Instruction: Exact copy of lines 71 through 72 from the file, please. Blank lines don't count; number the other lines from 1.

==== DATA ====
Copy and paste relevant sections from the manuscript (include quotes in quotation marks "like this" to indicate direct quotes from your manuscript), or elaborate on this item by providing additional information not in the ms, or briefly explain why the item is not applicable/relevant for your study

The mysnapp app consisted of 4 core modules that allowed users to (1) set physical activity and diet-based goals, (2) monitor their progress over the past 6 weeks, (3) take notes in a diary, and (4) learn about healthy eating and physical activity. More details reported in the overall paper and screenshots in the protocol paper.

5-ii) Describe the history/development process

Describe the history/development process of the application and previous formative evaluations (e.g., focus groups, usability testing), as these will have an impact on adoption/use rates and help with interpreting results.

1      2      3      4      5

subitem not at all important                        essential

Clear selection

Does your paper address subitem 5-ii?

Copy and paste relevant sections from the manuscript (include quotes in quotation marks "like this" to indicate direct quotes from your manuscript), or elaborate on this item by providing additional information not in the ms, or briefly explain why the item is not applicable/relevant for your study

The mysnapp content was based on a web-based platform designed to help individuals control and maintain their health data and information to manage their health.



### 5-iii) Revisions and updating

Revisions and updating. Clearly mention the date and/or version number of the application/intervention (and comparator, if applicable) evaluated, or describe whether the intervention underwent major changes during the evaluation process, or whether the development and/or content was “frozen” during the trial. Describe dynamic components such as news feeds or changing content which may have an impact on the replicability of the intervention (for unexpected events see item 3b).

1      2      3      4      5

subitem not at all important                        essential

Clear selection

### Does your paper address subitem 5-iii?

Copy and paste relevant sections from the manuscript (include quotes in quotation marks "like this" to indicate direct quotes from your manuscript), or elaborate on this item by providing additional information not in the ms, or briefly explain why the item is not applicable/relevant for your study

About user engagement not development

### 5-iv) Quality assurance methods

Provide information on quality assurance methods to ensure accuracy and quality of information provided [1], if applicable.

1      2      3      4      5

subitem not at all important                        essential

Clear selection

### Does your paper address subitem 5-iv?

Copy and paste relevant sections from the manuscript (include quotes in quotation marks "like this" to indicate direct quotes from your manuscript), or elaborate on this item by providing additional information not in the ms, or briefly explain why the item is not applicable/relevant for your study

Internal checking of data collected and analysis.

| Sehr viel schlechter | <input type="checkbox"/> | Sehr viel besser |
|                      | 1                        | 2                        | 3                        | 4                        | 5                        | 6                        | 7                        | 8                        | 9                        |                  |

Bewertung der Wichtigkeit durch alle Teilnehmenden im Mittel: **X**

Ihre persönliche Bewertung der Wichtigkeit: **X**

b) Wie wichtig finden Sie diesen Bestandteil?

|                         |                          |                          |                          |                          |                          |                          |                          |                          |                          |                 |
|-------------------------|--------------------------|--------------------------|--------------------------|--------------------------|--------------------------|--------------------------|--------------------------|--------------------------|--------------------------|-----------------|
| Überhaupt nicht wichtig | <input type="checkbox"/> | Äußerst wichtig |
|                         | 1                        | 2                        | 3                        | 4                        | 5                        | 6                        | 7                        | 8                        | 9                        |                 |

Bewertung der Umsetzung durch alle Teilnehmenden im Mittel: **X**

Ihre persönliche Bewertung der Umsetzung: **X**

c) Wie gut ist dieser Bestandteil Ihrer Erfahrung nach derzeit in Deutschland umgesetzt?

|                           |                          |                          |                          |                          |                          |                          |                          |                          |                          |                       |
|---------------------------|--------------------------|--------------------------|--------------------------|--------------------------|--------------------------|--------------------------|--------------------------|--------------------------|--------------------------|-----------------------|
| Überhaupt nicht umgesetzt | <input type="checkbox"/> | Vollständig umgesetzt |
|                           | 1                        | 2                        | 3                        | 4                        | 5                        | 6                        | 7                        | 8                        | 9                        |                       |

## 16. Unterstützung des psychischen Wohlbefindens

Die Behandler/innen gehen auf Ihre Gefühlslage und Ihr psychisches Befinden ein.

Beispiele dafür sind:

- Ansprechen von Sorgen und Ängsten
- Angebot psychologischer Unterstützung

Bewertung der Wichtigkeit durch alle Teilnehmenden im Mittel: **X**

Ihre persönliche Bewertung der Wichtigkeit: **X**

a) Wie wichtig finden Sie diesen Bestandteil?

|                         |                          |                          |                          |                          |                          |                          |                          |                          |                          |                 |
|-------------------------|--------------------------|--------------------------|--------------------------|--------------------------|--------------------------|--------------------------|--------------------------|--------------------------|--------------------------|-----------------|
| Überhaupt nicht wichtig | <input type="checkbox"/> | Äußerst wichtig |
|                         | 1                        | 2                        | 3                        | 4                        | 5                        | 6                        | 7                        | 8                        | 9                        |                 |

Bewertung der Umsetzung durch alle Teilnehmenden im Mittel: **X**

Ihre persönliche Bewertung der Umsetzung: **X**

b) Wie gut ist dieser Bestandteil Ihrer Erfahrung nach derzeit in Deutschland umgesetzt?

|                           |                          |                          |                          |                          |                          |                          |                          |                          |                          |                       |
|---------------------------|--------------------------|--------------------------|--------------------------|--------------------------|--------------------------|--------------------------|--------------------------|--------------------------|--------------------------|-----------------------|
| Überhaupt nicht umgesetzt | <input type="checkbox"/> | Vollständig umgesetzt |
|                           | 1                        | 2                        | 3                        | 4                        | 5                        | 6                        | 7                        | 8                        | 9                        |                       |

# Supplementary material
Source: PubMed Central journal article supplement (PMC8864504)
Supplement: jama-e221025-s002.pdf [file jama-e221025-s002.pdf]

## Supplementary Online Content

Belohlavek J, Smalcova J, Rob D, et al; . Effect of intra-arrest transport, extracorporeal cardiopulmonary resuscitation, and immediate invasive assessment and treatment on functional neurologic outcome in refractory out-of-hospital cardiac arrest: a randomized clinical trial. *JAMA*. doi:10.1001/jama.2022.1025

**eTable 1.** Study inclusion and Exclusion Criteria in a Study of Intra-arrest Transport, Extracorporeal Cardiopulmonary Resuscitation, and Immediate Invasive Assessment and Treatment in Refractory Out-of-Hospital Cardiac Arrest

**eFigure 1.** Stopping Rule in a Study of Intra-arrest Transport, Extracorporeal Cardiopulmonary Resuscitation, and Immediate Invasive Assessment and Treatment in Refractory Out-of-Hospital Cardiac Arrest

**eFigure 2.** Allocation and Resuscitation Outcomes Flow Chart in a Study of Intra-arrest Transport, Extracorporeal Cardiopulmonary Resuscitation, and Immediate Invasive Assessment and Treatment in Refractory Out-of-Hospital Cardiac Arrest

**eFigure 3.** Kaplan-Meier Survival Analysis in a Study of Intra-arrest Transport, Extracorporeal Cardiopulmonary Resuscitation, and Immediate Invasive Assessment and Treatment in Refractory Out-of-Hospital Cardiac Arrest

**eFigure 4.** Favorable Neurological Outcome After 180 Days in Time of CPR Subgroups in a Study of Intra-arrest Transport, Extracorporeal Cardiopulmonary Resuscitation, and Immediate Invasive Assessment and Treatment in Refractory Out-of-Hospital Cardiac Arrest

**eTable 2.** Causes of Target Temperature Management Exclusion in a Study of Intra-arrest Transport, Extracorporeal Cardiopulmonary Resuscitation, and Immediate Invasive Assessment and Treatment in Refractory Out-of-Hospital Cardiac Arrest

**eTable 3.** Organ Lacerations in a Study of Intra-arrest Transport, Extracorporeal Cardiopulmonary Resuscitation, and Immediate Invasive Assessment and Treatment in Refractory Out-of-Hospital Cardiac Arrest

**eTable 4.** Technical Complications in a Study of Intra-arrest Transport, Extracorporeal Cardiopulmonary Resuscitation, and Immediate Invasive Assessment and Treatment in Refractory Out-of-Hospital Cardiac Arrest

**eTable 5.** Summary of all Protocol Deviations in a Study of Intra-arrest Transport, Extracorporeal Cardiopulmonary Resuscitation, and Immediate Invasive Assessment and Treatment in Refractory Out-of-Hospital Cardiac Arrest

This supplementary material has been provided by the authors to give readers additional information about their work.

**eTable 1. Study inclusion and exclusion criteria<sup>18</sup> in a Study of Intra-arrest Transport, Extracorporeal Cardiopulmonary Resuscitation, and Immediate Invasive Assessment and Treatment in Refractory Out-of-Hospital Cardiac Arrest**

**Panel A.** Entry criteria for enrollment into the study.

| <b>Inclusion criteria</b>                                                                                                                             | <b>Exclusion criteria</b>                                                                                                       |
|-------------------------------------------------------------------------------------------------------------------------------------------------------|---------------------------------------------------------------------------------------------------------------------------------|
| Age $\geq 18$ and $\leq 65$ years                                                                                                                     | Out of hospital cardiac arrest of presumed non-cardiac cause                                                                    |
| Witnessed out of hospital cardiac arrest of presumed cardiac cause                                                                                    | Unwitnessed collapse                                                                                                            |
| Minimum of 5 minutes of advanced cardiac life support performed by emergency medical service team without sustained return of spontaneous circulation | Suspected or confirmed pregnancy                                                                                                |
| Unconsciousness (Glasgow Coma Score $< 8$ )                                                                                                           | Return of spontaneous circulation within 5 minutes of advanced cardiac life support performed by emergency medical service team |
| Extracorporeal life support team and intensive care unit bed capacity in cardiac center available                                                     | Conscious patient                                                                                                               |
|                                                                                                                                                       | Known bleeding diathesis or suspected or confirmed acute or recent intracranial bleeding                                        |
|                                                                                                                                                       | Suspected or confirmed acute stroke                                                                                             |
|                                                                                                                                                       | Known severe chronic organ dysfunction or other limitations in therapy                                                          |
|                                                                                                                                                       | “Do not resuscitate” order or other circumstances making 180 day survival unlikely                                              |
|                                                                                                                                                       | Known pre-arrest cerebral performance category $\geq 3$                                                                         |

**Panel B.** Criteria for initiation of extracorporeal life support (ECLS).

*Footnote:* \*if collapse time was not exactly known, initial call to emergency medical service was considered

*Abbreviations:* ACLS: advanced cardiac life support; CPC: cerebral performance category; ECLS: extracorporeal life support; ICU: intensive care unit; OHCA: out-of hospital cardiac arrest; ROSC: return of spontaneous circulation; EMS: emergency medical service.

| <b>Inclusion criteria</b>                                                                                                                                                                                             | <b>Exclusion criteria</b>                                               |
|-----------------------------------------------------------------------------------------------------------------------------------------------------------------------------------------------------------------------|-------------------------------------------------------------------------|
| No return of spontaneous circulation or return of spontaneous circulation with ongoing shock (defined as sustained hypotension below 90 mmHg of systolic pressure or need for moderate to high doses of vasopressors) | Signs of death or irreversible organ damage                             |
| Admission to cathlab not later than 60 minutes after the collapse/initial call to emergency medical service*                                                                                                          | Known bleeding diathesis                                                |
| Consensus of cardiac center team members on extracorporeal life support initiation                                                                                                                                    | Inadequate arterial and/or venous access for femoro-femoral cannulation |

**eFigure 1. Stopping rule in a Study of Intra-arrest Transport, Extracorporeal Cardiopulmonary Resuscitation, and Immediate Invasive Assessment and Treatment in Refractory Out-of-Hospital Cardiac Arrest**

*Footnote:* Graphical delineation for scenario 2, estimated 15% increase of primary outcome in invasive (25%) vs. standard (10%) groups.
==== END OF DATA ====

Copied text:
**eFigure 4.** Favorable Neurological Outcome After 180 Days in Time of CPR Subgroups in a Study of Intra-arrest Transport, Extracorporeal Cardiopulmonary Resuscitation, and Immediate Invasive Assessment and Treatment in Refractory Out-of-Hospital Cardiac Arrest

**eTable 2.** Causes of Target Temperature Management Exclusion in a Study of Intra-arrest Transport, Extracorporeal Cardiopulmonary Resuscitation, and Immediate Invasive Assessment and Treatment in Refractory Out-of-Hospital Cardiac Arrest